Deutscher Jagdterrier FCI Standard
The German Hunting Terrier (Jagdterrier) appeared as a result of careful breeding program of the German dog’s specialists in the early XX century. It was intended to be a multifunctional hunter, which could work equally effective both above and below the ground. This energetic and lively dog can become an indispensable companion for a hunting-fancier but won’t make a perfect choice as a solely family pet.
The German Hunting Terrier owes its creation partially to the Germany’s obsession with the idea of perfection and purity of everything that concerned the German nation. The dog was the part of much greater plan of re-establishing presumably disappeared German species of animals and getting rid of any western influences.
The work of creating a pureblood German hunting dog has been primarily done by three enthusiasts of hunting with Fox Terriers namely Walter Zangenberg, Carl Erick Grunewald, and Rudolph Friess. They strived to bring back excellent hunting skills into the Fox Terrier’s nature since at that point much of its hunting drive was sacrificed for the sake of the outer appearance for the conformation events.
The history of the German Hunting Terrier began after World War I when Zangenderg was granted a litter of almost black Fox Terriers. The litter included two female and one male and these dogs formed a fundament for the future breeding experiments of three avid hunters. Between two World Wars Walter Zangenberg, Carl Erick Grunewald, and Rudolph Friess worked intensely to hone and perfect the overall look and hunting capabilities of the German Hunting Terrier. It’s a well-established fact that they repeatedly crossed the Fox Terrier with the Old English Terrier. It’s also suggested that the Welsh Terrier also played a certain role in creation of the breed.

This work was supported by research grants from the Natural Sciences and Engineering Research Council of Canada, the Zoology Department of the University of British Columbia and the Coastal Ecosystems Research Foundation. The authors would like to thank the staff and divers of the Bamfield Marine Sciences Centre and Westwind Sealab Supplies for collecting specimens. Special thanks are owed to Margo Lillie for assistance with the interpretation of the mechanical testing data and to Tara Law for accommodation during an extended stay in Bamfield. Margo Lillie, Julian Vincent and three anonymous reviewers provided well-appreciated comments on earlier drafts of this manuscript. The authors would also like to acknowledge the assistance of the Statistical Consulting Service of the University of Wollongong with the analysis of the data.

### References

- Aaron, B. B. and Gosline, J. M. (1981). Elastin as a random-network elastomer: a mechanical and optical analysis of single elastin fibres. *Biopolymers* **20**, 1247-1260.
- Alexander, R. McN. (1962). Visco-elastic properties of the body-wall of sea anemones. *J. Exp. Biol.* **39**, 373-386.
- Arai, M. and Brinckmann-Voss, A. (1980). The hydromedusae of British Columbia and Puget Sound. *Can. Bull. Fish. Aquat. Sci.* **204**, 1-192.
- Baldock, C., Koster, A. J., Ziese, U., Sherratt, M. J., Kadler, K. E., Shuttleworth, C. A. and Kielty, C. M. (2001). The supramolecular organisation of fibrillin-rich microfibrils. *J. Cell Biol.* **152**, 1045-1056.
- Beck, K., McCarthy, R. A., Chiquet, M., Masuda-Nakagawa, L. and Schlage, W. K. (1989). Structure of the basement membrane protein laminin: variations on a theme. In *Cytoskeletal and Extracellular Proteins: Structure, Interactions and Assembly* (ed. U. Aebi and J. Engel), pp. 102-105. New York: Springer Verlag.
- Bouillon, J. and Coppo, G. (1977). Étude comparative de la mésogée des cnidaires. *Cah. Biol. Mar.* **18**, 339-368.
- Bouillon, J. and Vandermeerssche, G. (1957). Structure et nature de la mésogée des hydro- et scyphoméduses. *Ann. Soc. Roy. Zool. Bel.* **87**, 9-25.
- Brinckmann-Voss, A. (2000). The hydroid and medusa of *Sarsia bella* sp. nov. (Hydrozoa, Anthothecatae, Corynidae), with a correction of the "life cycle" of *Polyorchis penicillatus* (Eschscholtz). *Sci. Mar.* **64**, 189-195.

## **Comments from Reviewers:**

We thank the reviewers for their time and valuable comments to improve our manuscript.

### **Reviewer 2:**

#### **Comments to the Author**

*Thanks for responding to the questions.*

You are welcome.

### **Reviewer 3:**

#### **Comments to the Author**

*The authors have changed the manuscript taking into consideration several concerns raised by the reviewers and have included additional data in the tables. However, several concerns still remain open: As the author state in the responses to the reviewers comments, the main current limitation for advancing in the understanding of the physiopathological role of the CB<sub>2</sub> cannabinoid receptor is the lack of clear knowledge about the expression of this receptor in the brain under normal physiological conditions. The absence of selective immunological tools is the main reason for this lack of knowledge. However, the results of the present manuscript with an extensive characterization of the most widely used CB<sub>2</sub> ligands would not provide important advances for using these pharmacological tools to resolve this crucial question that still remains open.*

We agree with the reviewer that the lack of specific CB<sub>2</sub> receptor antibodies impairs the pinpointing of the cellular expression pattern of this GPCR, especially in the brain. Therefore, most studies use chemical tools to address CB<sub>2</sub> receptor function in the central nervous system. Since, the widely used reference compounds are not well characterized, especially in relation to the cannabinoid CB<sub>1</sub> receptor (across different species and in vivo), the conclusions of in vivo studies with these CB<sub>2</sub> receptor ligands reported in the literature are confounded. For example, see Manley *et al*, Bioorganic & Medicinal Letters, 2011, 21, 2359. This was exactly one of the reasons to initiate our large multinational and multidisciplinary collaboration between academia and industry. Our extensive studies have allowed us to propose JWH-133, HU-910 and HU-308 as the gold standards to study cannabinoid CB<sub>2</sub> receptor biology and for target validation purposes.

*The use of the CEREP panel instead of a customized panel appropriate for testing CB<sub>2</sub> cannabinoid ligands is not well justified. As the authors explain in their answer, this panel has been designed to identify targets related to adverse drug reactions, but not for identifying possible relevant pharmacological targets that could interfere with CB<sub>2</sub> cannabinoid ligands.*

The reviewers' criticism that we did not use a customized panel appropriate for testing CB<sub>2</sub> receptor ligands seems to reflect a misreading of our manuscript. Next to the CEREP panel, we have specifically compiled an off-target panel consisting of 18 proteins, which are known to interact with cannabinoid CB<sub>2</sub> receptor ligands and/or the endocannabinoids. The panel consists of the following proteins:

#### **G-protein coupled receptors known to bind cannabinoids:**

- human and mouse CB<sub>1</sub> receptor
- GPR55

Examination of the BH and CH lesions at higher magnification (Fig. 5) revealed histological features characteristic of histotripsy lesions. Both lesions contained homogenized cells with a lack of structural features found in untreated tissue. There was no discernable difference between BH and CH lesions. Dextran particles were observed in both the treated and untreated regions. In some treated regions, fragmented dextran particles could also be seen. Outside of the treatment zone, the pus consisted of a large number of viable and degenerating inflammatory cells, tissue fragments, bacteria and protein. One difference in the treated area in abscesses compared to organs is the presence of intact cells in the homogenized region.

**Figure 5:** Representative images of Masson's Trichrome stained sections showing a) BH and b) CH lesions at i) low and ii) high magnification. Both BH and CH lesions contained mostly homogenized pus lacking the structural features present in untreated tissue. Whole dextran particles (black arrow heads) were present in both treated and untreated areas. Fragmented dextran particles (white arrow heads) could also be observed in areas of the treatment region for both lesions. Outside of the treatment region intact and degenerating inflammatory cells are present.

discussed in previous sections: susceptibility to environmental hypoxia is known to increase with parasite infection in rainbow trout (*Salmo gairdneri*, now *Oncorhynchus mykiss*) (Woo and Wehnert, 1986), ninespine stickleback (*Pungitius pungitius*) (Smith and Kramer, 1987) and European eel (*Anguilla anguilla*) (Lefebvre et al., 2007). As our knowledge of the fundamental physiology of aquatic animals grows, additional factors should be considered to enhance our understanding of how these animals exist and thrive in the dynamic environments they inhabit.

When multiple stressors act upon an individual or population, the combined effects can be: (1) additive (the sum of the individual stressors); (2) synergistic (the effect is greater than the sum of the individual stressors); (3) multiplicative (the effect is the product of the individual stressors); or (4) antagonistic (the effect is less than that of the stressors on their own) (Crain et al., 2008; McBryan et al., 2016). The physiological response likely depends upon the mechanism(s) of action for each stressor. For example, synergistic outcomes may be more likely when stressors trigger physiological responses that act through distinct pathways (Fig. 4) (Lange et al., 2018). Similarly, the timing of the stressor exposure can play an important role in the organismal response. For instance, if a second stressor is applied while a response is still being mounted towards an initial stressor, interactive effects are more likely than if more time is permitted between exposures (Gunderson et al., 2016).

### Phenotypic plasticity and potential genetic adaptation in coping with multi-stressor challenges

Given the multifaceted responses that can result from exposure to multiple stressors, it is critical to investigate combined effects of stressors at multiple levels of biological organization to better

After ten years of tries and errors three breeders managed to develop a nearly ideal hunting dog. Among its virtues there were an acute scent and vision, capability to pursuit prey barking, absence of fear of water, high retrieving skills and willingness to oblige its master. Despite its small size the resulting dog was endowed with sufficient ferociousness and hunting drive to make it almost a universal hunter.
The Second World War had terrible consequences not only for Germany, but it was also highly detrimental for the population of the German Hunting Terrier in its native country. Nevertheless this problem was timely addressed by German breeders and nowadays the breed enjoys a wide-spread popularity among hunters in its homeland.
The German Hunting Terrier made its way to the United States as early as in 1938. However up until recently it has been quite a rare breed in this country. In the last decade the dog earned much more recognition among American hunters for its versatility, quick-wittedness and eagerness to please its master.
The breed was granted complete approval of the Fédération Cynologique Internationale (FCI) in 1968. The United Kennel Club (UKC) recognised the German Hunting Terrier in 1993.